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United States Court of Appeals, Second Circuit.

Valentin TAPIA, Romulo Ricano Balderas, Eufemia Castillo, individually and on behalf of others similarly situated, Plaintiffs-Appellants, v. BLCH 3RD AVE LLC, dba Brick Lane Curry House, Ajit Bains, Satinder Sharma, Defendants-Appellees.*

No. 17-2718-cv

Decided: October 01, 2018

Before: Winter, Calabresi, and Livingston, Circuit Judges. Shawn Raymond Clark Michael Faillace & Associates New York, NY for Plaintiffs-Appellants

Plaintiffs-Appellants Valentin Tapia, Romulo Ricano Balderas, and Eufemia Castillo (collectively, “Appellants”) are former employees of Brick Lane Curry House, a Manhattan restaurant. The restaurant is owned and operated by Defendant-Appellee BLCH 3rd Ave. LLC (“BLCH”), which in turn is owned by Defendants-Appellees Ajit Bains (“Bains”) and Satinder Sharma (“Sharma”). On October 24, 2014, Appellants brought suit against BLCH, Bains, and Sharma, alleging violations of the Fair Labor Standards Act (“FLSA”), 29 U.S.C. § 201 et seq., and the New York Labor Law (“NYLL”), N.Y. Lab. Law § 190 et seq. Appellants claimed that defendants had failed to pay minimum, overtime, and spread-of-hours wages; failed to provide Appellants with required statements and notifications; and failed to reimburse them for costs of purchasing and maintaining equipment. After a bench trial, the United States District Court for the Southern District of New York (Nathan, J.) found for Appellants on all of their claims. See Tapia v. Blch 3rd Ave. LLC, No. 14-CV-8529, 2016 WL 4581341 (S.D.N.Y. Sept. 1, 2016). Despite finding in favor of Appellants, however, the district court also determined, inter alia, that (1) Appellants were not entitled to double recovery of liquidated damages; and (2) Sharma could not be held personally liable for BLCH’s labor law violations. Appellants now appeal from both of those determinations. We assume the parties’ familiarity with the underlying facts and the procedural history of the case, to which we refer only as necessary to explain our decision to affirm.

I. Liquidated Damages

Absent a showing of good faith, the FLSA provides for liquidated damages equal to unpaid wages and overtime recovered. 29 U.S.C. §§ 216(b), 260. The NYLL also provides for liquidated damages on the same terms, though its damages calculation is different. NYLL §§ 198(1-a), 663(1). The district court awarded only the NYLL liquidated damages; Appellants contend that they are entitled to both the NYLL and FLSA damages. Appellants’ argument for double recovery, however, is squarely foreclosed by our recent decision in Rana v. Islam, 887 F.3d 118, 123 (2d Cir. 2018), which vacated a judgment under the FLSA in favor of a larger judgment under the NYLL on the ground that the FLSA did not allow duplicative liquidated damages. Although Rana contains dicta regarding the NYLL’s treatment of duplicative recovery, we rely solely upon its holding with regard to the FLSA. We therefore conclude that the district court properly declined to award cumulative liquidated damages.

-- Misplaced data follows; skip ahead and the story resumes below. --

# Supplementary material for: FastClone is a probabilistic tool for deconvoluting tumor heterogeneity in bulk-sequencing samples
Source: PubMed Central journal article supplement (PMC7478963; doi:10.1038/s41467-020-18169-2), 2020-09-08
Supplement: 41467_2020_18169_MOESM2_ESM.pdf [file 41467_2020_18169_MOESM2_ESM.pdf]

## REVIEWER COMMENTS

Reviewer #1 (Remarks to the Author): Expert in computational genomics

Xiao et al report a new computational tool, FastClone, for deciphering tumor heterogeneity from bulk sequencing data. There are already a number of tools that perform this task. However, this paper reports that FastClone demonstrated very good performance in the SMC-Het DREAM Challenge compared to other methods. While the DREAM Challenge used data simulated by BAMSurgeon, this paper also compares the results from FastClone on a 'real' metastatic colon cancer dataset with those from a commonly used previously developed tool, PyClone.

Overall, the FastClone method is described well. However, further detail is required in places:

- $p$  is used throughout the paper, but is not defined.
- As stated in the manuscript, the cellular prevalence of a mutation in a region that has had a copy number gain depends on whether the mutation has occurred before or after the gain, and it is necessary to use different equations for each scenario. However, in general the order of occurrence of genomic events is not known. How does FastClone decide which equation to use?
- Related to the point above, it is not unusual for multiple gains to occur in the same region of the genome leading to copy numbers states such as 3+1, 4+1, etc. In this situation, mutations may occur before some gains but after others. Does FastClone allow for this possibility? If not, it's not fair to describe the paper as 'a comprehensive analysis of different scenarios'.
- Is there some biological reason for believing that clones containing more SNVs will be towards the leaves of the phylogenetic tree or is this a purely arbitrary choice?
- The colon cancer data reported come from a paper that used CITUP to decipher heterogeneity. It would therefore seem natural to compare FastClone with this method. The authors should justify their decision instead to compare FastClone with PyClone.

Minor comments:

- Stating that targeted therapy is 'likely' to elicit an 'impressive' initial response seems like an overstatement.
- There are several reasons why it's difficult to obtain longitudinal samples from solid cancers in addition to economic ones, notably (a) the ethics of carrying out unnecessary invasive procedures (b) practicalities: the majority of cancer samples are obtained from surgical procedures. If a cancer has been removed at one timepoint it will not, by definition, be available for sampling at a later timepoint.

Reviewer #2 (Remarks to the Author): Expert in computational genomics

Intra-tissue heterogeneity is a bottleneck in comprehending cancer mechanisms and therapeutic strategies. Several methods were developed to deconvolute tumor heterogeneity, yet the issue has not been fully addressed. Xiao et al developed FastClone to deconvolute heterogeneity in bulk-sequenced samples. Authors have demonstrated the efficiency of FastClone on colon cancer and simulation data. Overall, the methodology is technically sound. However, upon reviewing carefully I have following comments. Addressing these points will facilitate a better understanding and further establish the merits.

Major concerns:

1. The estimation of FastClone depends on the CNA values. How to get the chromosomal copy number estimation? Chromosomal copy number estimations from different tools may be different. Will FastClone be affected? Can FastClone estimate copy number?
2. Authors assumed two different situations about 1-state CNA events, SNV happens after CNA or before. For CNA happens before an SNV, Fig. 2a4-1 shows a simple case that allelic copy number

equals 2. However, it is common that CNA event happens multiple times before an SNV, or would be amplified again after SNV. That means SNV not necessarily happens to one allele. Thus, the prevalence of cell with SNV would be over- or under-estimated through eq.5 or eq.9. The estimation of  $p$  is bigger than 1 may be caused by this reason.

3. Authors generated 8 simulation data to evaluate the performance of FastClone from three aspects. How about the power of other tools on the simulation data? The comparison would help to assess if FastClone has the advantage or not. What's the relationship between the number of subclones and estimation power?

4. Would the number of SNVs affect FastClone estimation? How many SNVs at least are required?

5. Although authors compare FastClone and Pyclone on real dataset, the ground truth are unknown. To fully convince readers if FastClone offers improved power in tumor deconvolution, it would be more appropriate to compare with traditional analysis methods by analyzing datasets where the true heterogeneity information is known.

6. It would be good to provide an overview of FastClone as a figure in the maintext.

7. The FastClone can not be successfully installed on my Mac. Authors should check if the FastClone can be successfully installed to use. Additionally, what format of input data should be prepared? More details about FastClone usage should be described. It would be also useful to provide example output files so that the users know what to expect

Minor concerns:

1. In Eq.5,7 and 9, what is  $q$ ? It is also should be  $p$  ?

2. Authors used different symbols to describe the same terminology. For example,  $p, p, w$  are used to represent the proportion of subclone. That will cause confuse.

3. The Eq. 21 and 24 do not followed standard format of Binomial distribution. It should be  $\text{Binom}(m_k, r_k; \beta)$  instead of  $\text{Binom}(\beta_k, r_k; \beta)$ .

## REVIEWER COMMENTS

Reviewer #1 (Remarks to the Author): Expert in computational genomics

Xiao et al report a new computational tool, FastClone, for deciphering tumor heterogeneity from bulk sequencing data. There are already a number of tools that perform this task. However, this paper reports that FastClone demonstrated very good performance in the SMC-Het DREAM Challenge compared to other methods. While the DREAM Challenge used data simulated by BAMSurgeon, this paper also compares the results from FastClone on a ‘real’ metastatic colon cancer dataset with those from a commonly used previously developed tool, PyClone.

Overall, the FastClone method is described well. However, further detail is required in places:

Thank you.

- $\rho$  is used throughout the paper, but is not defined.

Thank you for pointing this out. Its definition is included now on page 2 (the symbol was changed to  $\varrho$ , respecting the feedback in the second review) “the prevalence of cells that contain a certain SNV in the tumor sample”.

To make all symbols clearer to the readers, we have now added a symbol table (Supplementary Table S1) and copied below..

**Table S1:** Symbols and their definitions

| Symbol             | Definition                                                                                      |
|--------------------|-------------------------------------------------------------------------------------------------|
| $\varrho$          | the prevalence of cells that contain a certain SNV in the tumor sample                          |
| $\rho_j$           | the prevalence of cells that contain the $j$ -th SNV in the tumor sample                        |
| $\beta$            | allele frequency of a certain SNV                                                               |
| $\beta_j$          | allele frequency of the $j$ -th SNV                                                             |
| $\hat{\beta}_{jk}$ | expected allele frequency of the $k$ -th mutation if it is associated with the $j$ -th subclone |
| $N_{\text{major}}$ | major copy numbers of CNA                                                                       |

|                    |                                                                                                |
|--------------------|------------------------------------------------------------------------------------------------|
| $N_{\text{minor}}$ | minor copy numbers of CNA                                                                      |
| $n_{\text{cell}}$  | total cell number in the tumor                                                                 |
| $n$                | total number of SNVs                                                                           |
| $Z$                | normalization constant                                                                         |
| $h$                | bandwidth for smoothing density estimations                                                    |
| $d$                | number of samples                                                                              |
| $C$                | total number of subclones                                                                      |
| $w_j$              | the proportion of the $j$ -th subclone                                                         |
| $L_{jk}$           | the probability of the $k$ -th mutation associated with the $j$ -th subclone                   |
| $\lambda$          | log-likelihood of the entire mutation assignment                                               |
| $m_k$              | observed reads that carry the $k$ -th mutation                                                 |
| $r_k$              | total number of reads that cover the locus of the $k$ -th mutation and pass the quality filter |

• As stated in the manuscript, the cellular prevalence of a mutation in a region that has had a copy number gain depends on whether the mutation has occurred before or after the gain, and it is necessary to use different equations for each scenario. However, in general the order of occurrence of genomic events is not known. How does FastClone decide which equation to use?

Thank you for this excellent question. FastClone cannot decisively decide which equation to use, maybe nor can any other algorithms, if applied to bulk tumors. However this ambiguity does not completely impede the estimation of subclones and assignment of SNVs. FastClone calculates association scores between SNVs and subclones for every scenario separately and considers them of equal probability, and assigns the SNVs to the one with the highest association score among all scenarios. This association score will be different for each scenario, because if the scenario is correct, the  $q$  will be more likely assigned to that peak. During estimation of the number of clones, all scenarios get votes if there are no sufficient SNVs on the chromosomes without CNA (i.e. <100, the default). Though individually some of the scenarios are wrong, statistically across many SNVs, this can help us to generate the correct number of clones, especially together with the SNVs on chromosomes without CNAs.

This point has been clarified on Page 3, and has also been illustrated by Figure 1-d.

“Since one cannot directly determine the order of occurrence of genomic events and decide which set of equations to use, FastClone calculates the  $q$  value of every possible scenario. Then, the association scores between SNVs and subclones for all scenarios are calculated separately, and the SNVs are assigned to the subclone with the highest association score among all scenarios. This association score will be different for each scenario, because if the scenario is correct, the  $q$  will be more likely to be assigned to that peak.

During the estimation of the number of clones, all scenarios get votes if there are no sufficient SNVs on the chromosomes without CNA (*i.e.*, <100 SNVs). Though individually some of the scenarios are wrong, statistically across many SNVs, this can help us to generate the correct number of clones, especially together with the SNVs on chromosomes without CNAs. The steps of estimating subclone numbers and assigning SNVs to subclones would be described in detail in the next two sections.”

II. Sharma’s Personal Liability

Appellants also argue that the district court erred in concluding that Sharma was not an “employer” within the meaning of the FLSA and NYLL, and thus could not be held personally liable for BLCH’s labor law violations. This argument is meritless. “The Second Circuit has treated employment for FLSA purposes as a flexible concept to be determined on a case-by-case basis by review of the totality of the circumstances; we have identified different sets of relevant factors based on the factual challenges posed by particular cases.” 1 Irizarry v. Catsimatidis, 722 F.3d 99, 104 (2d Cir. 2013) (internal quotation marks omitted). The underlying inquiry in determining “employer” status is whether the individual possessed operational control over employees: “control over a company’s actual ‘operations’ in a manner that relates to a plaintiff’s employment.” Id. at 109. “A person exercises operational control over employees if his or her role within the company, and the decisions it entails, directly affect the nature or conditions of the employees’ employment.” Id. at 110. The following Carter factors are often relevant to this inquiry: “[W]hether the alleged employer (1) had the power to hire and fire the employees, (2) supervised and controlled employee work schedules or conditions of employment, (3) determined the rate and method of payment, and (4) maintained employment records.” Barfield v. N.Y.C. Health & Hosps. Corp., 537 F.3d 132, 142 (2d Cir. 2008) (quoting Carter v. Dutchess Cmty. Coll., 735 F.2d 8, 12 (2d Cir. 1984) ). “No one of the four factors standing alone is dispositive.” Herman v. RSR Sec. Servs. Ltd., 172 F.3d 132, 139 (2d Cir. 1999). The district court’s “findings of historical fact and ․ findings as to the existence and degree of each factor—are findings of fact that must be accepted on appeal unless clearly erroneous.” Zheng v. Liberty Apparel Co. Inc., 355 F.3d 61, 76 (2d Cir. 2003). We review de novo “the [district court’s] ultimate decision as to whether a party is an employer ․” Id.